I To THE EDITOR OF THE " SPECTATOR "] SIR,— "
If," says the Dean of Wells," the Edwardian vestments are permitted, they are, as the Judges in the Ridsdale case affirmed, obligatory in every church and chapel." Not more so than the Daily Service, which no one dreams of enforcing, though neither has any one been sent to prison as a lawbreaker for having felt bound to revive it. In 1879, Convocation refused to alter the Daily Service Rubric, much as in 1661 the Bishops refused to alter the Ornaments Rubric, with no more of " every church and chapel" in the one case than in the other. As to the Ridsdale judgment, between those who can accept or tolerate it, and those to whom, with Dr. Pusey, it seems simply to "affirm white to be black," all hope of a common under- standing appears idle. What Sir J. T. Coleridge thought of it is well known, and also how it shocked a Lord Chief Baron out of his official propriety. By the Ritualists it cannot but have been felt as bitterly oppressive, and "surely oppression maketh [even] a wise man mad."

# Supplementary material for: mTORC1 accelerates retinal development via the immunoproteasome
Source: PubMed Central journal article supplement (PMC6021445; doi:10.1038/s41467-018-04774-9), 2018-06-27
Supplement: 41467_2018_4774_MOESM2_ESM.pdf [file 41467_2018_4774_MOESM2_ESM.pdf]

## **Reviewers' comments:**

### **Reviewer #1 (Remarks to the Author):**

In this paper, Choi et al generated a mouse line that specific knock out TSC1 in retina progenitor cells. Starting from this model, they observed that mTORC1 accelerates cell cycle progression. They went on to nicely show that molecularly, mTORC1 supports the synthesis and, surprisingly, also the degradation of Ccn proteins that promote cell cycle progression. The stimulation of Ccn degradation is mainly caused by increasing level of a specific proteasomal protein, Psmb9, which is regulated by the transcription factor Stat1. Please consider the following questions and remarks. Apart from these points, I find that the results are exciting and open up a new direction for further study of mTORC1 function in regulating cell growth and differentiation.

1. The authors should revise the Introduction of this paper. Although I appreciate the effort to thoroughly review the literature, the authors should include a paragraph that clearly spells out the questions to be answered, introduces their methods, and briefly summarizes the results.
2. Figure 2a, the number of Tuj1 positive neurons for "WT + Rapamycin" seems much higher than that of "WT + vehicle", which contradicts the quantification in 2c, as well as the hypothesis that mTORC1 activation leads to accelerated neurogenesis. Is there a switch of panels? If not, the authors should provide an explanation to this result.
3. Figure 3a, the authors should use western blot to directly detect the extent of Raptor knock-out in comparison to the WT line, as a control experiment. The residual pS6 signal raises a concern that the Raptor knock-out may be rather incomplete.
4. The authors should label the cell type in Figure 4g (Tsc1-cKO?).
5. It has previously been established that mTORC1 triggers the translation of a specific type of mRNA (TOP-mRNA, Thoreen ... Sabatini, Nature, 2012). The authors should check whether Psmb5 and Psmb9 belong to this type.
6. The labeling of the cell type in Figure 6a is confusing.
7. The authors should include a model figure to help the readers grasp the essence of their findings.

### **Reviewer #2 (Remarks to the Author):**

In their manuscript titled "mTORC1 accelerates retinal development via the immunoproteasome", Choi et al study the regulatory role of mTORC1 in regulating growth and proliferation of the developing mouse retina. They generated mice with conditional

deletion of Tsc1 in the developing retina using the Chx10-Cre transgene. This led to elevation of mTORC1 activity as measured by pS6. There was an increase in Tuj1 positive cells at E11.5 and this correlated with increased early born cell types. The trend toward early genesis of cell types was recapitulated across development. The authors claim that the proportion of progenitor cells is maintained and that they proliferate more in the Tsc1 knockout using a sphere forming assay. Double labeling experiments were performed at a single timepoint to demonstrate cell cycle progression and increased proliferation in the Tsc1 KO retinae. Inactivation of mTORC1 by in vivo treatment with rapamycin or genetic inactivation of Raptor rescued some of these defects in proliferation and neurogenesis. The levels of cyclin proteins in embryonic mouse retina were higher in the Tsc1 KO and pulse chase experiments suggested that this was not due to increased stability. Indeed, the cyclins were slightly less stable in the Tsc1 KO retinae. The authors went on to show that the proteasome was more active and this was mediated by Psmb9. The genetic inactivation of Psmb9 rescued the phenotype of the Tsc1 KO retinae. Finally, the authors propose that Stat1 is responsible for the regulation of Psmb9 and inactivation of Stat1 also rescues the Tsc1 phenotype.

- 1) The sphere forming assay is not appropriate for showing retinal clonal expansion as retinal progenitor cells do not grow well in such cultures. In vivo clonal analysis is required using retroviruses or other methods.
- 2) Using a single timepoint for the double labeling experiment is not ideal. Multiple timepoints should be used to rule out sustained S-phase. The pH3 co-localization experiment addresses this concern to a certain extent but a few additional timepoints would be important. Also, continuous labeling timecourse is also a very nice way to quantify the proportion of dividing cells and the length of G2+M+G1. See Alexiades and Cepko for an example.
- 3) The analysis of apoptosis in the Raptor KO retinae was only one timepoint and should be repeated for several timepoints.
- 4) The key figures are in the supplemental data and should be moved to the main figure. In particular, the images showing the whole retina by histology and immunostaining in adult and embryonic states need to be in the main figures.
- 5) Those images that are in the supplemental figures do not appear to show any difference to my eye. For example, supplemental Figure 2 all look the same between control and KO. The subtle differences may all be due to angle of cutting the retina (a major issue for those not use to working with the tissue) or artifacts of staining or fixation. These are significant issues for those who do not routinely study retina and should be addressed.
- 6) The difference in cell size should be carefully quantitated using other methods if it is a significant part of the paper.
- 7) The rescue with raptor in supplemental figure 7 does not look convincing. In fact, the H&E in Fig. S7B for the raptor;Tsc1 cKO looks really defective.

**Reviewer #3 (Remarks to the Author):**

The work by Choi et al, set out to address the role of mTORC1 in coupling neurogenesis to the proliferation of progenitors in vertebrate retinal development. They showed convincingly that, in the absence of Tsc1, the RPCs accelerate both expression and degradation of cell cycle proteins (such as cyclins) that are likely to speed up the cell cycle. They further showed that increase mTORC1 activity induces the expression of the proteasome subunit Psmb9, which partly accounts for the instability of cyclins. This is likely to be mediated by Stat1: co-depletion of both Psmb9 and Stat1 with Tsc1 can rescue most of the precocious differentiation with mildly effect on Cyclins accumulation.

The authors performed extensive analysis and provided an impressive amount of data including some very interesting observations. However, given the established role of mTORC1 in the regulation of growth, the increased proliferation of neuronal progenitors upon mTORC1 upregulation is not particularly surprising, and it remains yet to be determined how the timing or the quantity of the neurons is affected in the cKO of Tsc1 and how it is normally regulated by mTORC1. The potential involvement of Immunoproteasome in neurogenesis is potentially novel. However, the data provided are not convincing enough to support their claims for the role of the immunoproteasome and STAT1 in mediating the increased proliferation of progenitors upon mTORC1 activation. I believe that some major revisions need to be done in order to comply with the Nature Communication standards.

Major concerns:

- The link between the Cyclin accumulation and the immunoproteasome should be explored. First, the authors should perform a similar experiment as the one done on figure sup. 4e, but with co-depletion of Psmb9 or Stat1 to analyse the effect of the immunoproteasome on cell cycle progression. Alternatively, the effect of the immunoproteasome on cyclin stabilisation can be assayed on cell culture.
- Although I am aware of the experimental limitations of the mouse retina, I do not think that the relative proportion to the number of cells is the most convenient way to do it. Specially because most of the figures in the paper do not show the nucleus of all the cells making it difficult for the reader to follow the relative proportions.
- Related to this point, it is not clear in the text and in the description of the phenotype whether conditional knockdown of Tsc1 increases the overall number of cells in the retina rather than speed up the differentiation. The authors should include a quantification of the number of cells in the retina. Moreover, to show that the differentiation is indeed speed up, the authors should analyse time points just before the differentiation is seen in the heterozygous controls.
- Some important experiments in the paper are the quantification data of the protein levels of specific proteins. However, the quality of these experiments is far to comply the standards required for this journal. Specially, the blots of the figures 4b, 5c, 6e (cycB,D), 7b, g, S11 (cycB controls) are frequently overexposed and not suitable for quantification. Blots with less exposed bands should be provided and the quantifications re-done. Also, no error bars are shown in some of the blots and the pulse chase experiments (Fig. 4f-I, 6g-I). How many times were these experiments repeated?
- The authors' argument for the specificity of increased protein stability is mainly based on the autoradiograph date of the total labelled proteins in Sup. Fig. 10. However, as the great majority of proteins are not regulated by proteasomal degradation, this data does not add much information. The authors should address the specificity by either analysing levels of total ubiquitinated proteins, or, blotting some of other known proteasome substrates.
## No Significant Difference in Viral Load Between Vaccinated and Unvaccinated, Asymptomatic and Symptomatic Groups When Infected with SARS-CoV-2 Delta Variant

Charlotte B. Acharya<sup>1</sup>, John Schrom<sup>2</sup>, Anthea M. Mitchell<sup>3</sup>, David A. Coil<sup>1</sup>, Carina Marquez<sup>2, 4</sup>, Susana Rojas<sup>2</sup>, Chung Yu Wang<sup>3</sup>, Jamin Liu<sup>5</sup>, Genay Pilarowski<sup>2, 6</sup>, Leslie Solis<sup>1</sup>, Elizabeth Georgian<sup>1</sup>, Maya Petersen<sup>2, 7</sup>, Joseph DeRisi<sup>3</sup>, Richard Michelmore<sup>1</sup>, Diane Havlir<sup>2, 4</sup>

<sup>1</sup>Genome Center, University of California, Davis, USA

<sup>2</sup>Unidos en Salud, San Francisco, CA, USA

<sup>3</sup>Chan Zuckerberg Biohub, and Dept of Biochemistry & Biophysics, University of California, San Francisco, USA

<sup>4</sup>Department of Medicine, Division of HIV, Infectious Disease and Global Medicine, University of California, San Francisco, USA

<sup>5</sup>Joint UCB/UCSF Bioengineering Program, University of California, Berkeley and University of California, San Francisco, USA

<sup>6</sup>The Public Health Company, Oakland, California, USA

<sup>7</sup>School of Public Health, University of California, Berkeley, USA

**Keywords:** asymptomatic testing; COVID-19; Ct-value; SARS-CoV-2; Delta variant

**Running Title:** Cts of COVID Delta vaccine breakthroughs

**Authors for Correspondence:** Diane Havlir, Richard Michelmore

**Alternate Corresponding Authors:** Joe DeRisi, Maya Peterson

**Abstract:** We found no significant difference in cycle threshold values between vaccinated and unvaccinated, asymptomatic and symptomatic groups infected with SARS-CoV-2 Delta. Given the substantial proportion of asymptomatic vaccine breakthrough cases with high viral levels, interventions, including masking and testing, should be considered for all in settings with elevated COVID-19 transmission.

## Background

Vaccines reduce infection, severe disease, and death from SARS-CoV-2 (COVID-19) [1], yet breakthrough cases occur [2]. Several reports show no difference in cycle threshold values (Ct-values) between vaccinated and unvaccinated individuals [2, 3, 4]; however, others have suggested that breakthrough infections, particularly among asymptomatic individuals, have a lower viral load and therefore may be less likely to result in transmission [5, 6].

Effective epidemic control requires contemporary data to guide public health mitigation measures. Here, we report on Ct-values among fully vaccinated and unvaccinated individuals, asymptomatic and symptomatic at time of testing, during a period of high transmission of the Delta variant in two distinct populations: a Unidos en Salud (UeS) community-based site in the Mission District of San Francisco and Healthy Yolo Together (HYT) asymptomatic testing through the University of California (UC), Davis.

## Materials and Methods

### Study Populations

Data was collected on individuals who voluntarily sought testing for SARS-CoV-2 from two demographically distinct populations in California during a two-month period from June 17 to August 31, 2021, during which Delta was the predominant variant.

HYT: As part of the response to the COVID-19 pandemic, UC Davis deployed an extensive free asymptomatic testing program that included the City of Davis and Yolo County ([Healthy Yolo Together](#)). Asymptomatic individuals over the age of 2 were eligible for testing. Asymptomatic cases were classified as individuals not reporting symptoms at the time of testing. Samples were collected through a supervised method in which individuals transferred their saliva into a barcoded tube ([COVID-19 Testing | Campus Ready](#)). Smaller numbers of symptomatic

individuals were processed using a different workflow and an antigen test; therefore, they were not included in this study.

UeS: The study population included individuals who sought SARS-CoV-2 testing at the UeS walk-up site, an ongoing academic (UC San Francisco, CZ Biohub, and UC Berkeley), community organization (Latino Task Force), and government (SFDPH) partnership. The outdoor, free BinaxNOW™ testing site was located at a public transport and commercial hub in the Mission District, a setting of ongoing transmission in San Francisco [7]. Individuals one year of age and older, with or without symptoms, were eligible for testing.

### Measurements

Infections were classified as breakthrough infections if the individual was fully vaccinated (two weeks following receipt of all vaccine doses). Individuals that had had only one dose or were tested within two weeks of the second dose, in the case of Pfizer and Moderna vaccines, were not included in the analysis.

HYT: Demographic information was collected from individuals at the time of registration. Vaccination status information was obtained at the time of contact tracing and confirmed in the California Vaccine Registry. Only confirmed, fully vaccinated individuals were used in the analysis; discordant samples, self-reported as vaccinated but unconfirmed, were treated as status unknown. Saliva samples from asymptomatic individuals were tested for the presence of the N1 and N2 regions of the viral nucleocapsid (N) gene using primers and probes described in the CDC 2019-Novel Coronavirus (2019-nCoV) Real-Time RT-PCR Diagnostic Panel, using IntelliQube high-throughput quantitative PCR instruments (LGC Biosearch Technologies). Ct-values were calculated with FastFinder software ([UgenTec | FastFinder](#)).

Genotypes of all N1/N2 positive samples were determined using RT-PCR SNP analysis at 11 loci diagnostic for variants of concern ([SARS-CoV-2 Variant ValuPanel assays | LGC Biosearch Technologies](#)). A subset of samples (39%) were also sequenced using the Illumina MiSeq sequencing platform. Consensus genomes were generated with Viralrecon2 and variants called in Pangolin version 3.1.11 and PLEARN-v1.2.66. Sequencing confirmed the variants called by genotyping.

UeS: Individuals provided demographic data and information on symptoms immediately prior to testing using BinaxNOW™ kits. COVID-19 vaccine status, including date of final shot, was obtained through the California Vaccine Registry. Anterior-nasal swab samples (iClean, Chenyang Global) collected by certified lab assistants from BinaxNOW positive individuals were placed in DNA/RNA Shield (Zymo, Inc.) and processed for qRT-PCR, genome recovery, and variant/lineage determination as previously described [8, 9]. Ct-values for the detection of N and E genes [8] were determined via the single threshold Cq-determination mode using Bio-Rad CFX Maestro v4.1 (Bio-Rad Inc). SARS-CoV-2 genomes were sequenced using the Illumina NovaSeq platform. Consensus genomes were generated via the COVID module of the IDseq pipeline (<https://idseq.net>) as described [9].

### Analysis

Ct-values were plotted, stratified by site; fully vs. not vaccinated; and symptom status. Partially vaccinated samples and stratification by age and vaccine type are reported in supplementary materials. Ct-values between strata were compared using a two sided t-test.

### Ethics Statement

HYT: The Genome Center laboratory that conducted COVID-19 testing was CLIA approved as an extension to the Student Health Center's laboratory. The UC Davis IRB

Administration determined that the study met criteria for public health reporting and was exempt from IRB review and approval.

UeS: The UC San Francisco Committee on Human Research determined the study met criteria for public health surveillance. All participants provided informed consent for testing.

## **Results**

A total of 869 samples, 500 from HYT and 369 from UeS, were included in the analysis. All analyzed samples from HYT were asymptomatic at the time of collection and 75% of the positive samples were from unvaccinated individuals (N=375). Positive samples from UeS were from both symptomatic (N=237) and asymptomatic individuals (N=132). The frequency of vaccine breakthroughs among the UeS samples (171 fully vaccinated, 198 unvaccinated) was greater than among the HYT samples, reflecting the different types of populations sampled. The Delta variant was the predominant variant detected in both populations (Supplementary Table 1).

For an eirenicon which is to be a true message of peace, some- thing more brave and generous is wanted than what is offered by the new Dean of Wells. Why not enact that in all churches in which they have been in use for the six mouths preceding this just past Easter Day, the vestments (with their colours, distinctiveness being the very thing intended) shall be lawful, unless prohi,bited by the Bishop of the diocese ; and that in all other parishes, they shall be lawful when the Bishop's permission for them has been obtained ? In ten years there would be no more objection to them than to a painted window.—I am, Sir, &c.,